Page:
Virtualization with Docker


Virtual Machines have been extensively used both in virtual private servers by web services provider, as well as in scientific environments to ensure that a whole team is working with the same software, libraries and configuration. This helps to mitigate the dependency hell and is a step forward to ensure reproducibility in computational experiments.

However, the use of virtual machines implies a high overhead, as each virtual machine has to execute a full operating systems, with its associated drivers, hardware libraries. This has a huge impact in performance that can be inadmissible in some environments.

Recently, a new technology came to solve this overhead. We are talking about containerization.

In Linux systems, the reference containerization software is docker.

Docker vs Virtual Machines

A we said before, virtualizing the a whole computer just to run some software is highly inefficient. Docker and other containerization software solve this problem by communicating directly with the kernel, via LXC (Linux Containers). This way, a given application can be executed in a given environment without running the whole environment itself. This eliminates a layer in the virtualization process (as it can be seen in the image below).

Virtual machine schema Docker schema

As consequence, containerized applications have virtually the same performance as if they were running natively.

Images, containers and registry

Docker uses a certain terminology and the first thing is getting to know it.

docker daemon:

The docker daemon is a program that is executed in background. It listens to the commands issued by the docker client and is the responsible of the actual execution of the containers.


An image is a collection of libraries and executables needed by a certain container to run.


A container is a instance of an application from an image running by the docker system in an enclosed environment. Each container is independent from the others.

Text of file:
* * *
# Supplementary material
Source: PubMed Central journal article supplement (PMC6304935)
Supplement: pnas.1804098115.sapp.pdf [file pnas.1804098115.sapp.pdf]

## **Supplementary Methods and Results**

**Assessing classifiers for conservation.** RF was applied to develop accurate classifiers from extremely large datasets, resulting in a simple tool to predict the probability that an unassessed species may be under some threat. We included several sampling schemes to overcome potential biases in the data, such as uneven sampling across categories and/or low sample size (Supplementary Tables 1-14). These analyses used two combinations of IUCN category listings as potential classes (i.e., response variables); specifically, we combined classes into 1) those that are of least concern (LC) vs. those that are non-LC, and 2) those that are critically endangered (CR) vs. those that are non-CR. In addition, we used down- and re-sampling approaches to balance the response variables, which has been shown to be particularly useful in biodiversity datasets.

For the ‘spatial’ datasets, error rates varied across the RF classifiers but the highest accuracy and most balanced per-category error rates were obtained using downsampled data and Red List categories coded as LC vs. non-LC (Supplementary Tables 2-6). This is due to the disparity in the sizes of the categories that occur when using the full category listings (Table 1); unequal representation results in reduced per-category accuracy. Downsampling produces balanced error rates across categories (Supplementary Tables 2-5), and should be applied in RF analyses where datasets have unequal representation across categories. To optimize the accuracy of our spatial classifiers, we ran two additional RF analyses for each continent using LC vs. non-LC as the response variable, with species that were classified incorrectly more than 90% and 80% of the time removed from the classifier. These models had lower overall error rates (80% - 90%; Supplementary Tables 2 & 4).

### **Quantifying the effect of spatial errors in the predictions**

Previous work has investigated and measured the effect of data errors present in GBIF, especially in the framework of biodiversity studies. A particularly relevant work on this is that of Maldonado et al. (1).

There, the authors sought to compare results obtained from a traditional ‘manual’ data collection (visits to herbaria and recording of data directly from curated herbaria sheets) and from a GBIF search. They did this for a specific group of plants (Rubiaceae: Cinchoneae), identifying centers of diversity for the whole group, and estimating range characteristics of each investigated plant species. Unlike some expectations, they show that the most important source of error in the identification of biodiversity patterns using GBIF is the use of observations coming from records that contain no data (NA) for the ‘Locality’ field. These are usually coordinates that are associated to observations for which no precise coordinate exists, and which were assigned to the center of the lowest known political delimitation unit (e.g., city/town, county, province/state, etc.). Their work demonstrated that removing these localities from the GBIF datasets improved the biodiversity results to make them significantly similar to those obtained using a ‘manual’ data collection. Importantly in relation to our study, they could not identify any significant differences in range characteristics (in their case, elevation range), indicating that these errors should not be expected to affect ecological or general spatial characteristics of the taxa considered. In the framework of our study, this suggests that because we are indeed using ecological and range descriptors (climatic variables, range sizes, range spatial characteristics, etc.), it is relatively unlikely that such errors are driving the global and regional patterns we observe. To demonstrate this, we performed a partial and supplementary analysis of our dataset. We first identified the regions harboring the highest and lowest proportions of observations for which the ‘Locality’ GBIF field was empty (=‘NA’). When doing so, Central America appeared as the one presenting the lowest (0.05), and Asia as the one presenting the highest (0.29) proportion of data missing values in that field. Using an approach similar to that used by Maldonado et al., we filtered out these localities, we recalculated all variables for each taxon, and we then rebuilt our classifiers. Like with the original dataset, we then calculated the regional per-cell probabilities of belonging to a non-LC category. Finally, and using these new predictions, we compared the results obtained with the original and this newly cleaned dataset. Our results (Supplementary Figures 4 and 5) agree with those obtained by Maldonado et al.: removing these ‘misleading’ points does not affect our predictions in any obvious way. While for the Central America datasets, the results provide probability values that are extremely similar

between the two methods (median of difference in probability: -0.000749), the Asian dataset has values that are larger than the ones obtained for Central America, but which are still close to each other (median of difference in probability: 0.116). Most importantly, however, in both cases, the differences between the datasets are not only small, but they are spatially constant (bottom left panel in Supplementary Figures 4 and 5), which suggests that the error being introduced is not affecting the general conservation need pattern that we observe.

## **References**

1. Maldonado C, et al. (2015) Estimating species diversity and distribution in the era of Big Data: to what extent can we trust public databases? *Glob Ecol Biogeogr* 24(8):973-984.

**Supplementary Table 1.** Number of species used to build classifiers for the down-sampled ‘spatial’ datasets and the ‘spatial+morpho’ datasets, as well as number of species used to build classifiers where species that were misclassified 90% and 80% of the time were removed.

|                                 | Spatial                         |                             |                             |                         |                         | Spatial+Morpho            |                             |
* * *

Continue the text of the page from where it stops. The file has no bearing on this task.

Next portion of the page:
A registry is a cloud based image distribution system. Can be either private or public. The official docker registry is the docker hub.

Let's begin!

It's time to grab a terminal and start playing with docker. Install the software on debian based linux distributions should be as easy as typing apt-get install (Warning!: do not confuse package name docker with!)

Docker commands

Interfacing the docker engine is done via commands, issued as docker <command>, where <command> can be:

  • run: runs a container from an image.
  • images: list available images within the host system.
  • ps: list containers.
  • exec: runs a command in a running container .
  • kill,stop,start,restart: kills, stops, starts or restarts a container.
  • ...

Executing docker without arguments will print a detailed list of available commands. docker <command> --help will print help.

Hello World

We will now print a dockerized hello world. The command to execute is:

docker run ubuntu /bin/echo "hello world"

wich means: Hey, docker! Grab the ubuntu image from the registry if it doesn't exits yet, create a ubuntu environment, run a container executing /bin/echo "hello world" and exit!

That was a lot of work to simply print a string on the screen.

Interactive bash session

The same way we ran /bin/echo, we can run /bin/bash, so...

docker run ubuntu /bin/bash

Oh... it didn't worked. Why? Because we have to tell docker to allocate a pseudo TTY (option -t) and to attach the standard input to the container (option -i). Now

docker run ubuntu -t -i /bin/bash